Let the kids take care of a simple chore for you – a chore they’ll love doing. Dump their plastic toys in the bathtub with them, and let them scrub their toys as well as their toes.
Leaves? Not a trace
Kids won’t help to rake up the leaves? Give this a try! Collect some plastic bottle caps and write a number on each one with a permanent marker. Hide the bottle caps under the leaves in your yard. Then, make up a list of small rewards associated with each number, such as "extra dessert," or "get your nails painted." The thrill of discovering their next reward will motivate the kids to keep raking.
Randomise chore duties
If your children spend a lot of time arguing about who has to do certain chores, make it random! Assign a number to each chore but don’t tell your kids what chore corresponds to each number. Let them select their numbers, then reveal what their chore is. It keeps things fun and minimises arguing.
Little laundry helpers
Louise M. from Eden Mills, ON, shared with us the following helpful tip: “My daughters enjoyed sorting their laundry when they were toddlers – they could recognise their colours and throw the clothes into piles. If you have three predominant colours, just leave the largest load alone – it will remain in a pile when the others are sorted out. Now if only as teenagers they cared. One has grey undies from washing with denim. The other washed the white undies with a red load. She wanted to know if she could have new underwear, because she didn’t like the pink ones!”
Make cleaning up a game
Do your kids resist cleaning up their toys? Try this: Place a large box in the centre of the room and set a timer. Explain that any toys not put away after 15 minutes will enter the “spaceship box” for a return trip to planet Lax, which takes a week.
Toddler clean-up and learn
Instead of cleaning up after your toddler, teach him to help with kid-sized tasks by turning chores into fun educational games. While folding laundry, teach your little one about shapes and colours by showing him how to match socks and towel sets. Or, help your child with numbers by having him count how many toys he can put into the toy box. Watch your little one learn and become your little helper at the same time!
Work and earn
Give each child a sheet on the fridge with a list of chores they are expected to do each day. Allow them to put a sticker by the chore they’ve completed if they do it without grumbling. If, at the end of the week, they do all the chores without grumbling, they receive their allowance. If not, no allowance. Simple!
Organise your family chores
Chores may not always be fun, but they’re a great way to teach kids housekeeping skills, discipline and responsibility. At the beginning of each week, write up a to-do list specifying each family member’s assigned chores. Make sure you provide a time-frame to complete each task, such as by Wednesday, each morning or by the end of the week. Involve your kids as you assign the chores; one child may prefer a certain task or may want to switch every now and then. It’s a good idea to provide a place to check off each chore as it’s accomplished, or even to reward family members for chores accomplished early. Once all the chores have been checked off, enjoy your clean home and celebrate with a fun family outing or treat.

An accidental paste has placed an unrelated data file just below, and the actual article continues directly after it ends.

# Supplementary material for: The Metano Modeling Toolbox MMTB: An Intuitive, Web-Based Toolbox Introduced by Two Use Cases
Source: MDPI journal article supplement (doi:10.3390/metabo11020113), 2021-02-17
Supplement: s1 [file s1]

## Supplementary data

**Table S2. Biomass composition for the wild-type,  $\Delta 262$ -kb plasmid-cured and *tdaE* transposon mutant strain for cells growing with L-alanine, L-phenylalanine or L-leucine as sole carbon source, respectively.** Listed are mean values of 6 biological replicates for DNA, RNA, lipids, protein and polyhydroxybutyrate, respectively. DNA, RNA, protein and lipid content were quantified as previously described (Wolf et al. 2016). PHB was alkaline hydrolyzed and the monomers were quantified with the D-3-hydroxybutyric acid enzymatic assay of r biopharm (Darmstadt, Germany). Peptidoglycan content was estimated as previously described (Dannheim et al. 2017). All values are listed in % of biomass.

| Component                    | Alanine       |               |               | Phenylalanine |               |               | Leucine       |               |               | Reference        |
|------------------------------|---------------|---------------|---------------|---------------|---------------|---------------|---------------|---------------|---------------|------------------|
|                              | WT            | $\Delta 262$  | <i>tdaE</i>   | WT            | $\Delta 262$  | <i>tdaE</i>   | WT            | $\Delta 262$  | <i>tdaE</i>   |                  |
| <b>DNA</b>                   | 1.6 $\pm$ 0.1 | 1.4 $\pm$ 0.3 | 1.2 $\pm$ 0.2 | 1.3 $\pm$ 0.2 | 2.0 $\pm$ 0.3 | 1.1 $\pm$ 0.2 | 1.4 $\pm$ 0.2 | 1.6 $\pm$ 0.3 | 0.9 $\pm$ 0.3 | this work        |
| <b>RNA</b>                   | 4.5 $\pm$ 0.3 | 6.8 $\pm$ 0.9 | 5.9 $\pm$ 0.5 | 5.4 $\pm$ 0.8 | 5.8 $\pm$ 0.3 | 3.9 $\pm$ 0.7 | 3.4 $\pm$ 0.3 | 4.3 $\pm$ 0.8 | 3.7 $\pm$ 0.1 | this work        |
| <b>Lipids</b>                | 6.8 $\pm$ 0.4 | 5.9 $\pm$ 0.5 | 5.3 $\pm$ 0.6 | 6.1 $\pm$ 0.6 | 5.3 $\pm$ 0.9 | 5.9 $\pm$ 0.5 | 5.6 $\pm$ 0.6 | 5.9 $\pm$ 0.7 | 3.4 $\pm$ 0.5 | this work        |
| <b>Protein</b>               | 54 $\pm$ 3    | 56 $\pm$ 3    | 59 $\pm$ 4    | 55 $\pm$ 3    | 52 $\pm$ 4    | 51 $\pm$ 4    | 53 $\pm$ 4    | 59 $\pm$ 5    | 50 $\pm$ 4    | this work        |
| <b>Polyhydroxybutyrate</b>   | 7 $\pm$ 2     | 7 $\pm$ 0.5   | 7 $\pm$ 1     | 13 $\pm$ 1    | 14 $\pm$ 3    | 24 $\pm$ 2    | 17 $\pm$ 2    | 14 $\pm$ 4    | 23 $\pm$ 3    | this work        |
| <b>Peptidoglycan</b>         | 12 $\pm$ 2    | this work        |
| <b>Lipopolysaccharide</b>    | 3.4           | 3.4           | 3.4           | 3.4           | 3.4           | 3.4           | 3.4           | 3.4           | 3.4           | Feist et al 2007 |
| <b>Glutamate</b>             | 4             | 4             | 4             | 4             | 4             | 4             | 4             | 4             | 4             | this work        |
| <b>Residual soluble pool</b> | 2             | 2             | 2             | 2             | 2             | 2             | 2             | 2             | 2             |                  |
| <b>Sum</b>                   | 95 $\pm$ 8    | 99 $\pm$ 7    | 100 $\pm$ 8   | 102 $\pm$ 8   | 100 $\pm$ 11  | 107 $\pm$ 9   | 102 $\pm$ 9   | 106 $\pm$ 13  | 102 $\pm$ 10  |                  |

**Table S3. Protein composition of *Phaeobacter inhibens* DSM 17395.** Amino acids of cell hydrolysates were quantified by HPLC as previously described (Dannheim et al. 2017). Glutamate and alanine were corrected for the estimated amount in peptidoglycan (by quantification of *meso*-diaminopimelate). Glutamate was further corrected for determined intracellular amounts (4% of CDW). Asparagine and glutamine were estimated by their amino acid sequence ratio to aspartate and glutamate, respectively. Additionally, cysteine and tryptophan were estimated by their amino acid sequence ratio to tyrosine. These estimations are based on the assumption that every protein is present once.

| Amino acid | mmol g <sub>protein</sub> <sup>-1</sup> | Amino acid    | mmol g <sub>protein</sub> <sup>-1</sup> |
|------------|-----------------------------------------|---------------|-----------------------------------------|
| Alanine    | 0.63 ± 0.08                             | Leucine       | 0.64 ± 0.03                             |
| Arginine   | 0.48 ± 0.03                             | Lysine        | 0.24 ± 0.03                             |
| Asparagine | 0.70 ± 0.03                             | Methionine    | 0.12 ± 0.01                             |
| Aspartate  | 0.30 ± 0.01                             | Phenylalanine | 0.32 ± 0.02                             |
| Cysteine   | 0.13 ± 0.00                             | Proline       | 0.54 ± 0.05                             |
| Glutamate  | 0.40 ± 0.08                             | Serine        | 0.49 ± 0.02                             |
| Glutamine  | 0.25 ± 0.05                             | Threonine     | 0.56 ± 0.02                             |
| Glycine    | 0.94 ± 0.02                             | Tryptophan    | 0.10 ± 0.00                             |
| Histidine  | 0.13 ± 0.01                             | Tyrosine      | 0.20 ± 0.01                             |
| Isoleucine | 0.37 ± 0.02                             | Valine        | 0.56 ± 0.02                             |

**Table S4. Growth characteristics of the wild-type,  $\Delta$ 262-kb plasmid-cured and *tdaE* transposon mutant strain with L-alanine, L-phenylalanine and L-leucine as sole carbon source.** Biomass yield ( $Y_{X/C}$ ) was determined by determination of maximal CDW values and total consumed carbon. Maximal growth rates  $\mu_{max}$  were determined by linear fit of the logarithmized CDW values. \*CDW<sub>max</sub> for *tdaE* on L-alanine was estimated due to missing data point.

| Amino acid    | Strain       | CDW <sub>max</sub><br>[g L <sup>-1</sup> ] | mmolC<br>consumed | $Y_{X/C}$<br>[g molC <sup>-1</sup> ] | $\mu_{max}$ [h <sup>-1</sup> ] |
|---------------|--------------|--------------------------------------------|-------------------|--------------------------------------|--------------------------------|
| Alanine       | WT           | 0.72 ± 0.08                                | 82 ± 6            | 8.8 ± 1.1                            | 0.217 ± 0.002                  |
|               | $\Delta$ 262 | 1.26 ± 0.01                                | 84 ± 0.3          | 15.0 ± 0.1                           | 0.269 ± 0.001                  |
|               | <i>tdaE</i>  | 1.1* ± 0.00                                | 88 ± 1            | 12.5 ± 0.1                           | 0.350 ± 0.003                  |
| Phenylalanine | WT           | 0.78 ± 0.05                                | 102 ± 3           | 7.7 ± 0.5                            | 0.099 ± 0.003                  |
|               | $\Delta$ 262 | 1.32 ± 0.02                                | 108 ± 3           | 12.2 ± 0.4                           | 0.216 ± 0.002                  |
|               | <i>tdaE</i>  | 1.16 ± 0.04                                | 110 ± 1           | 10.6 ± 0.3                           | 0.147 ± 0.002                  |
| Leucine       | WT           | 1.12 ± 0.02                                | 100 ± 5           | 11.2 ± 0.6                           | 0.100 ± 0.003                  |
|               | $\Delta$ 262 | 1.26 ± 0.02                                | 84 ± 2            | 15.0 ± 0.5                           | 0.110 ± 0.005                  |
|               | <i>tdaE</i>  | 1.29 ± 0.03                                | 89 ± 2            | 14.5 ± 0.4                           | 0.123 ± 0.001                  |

Cleaning time can mean fun time
Daniel S. from Canada, shared with us how he and his wife, Amy, make cleaning the house a fun, easy-to-do family activity. Using a timer set at 15 minutes, they pick a room or area and see how much each family member can clean, straighten, dust, vacuum or pick up in 15 minutes. After the timer goes off, they pick another room or area and set the timer again. Daniel says that this helps keep things fun and varied, while also making the time go by quicker. Try involving your kids and make a game out of who can clean their room the fastest.
Is your child less than enthusiastic about returning to school after summer vacation? Be sure to normalise these feelings and assure your child that even teachers can struggle with the transition too! Help your child understand that hurtful past events need not define their view of the new school year. Remind them too of their past successes in handling difficult situations – either in social situations or academics. Read more here.
When you ask your kids about their school day, do you always get the same old response: It was fine! To get your kids talking, make sure you’re asking questions that help kids remember specific events during their day. Try some new questions like: How were you brave today? Is there anything you wish had gone differently today? Did you learn anything that surprised you? Did you hear or read anything that confused you? See more after-school questions here
Kick off kids’ homework with 20 minutes of exercise first – it will improve their focus. Give exercise breaks while doing homework too: 5 minutes for every 15 minutes of work for primary ages, and every 20-30 minutes for middle and high schoolers. Let kids run in place, dance to an upbeat hit, run a lap around the yard, walk like an elephant or animal of their choice, play Simon Says, or write their name in the air with fingers, knees, toes.
Spur kids’ reading
Struggling to get your kids excited about reading? Maybe they just haven’t found a genre that intrigues them yet. Don’t forget that you can find ideas and book reviews at PluggedIn.com. Click "Filter" to sort the reviews by genre so you can zero-in on areas of interest.
Build their library
Once kids are old enough to make their own book choices at the library, parents tend to dial back on selecting books for their kids. Remember though that you can have a powerful spiritual influence on your child – even when they’re in university – by continuing to provide them with engaging books and articles.